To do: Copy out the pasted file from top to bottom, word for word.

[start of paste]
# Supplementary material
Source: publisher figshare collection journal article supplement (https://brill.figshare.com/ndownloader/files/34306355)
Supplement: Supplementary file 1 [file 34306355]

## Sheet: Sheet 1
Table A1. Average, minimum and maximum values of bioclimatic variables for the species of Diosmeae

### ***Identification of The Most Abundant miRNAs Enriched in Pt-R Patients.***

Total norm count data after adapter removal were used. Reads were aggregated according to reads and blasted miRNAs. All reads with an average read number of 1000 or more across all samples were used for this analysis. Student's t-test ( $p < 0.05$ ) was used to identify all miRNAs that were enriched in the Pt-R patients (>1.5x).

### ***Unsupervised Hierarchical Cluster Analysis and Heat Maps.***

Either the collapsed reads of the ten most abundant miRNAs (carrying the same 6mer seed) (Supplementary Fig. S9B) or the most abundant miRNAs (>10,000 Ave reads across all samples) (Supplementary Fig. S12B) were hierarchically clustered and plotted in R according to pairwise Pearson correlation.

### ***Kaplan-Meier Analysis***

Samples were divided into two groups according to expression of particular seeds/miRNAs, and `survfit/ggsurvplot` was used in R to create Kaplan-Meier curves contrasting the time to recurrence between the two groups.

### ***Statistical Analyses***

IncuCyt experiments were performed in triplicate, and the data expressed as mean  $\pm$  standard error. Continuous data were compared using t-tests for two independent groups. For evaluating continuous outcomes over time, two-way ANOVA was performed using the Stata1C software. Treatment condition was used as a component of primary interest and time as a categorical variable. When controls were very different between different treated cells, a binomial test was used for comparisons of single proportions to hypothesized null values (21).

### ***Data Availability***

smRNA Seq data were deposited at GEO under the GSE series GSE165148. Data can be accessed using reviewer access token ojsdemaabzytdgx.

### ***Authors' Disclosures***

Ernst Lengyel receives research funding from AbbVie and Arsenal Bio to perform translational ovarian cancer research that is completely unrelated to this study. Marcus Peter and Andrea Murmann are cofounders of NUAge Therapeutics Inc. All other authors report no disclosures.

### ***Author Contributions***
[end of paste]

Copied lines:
# Supplementary material
Source: publisher figshare collection journal article supplement (https://brill.figshare.com/ndownloader/files/34306355)
Supplement: Supplementary file 1 [file 34306355]

## Sheet: Sheet 1
Table A1. Average, minimum and maximum values of bioclimatic variables for the species of Diosmeae

### ***Identification of The Most Abundant miRNAs Enriched in Pt-R Patients.***

Total norm count data after adapter removal were used. Reads were aggregated according to reads and blasted miRNAs. All reads with an average read number of 1000 or more across all samples were used for this analysis. Student's t-test ( $p < 0.05$ ) was used to identify all miRNAs that were enriched in the Pt-R patients (>1.5x).

### ***Unsupervised Hierarchical Cluster Analysis and Heat Maps.***

Either the collapsed reads of the ten most abundant miRNAs (carrying the same 6mer seed) (Supplementary Fig. S9B) or the most abundant miRNAs (>10,000 Ave reads across all samples) (Supplementary Fig. S12B) were hierarchically clustered and plotted in R according to pairwise Pearson correlation.

### ***Kaplan-Meier Analysis***

Samples were divided into two groups according to expression of particular seeds/miRNAs, and `survfit/ggsurvplot` was used in R to create Kaplan-Meier curves contrasting the time to recurrence between the two groups.

### ***Statistical Analyses***

IncuCyt experiments were performed in triplicate, and the data expressed as mean  $\pm$  standard error. Continuous data were compared using t-tests for two independent groups. For evaluating continuous outcomes over time, two-way ANOVA was performed using the Stata1C software. Treatment condition was used as a component of primary interest and time as a categorical variable. When controls were very different between different treated cells, a binomial test was used for comparisons of single proportions to hypothesized null values (21).

### ***Data Availability***

smRNA Seq data were deposited at GEO under the GSE series GSE165148. Data can be accessed using reviewer access token ojsdemaabzytdgx.

### ***Authors' Disclosures***

Ernst Lengyel receives research funding from AbbVie and Arsenal Bio to perform translational ovarian cancer research that is completely unrelated to this study. Marcus Peter and Andrea Murmann are cofounders of NUAge Therapeutics Inc. All other authors report no disclosures.

### ***Author Contributions***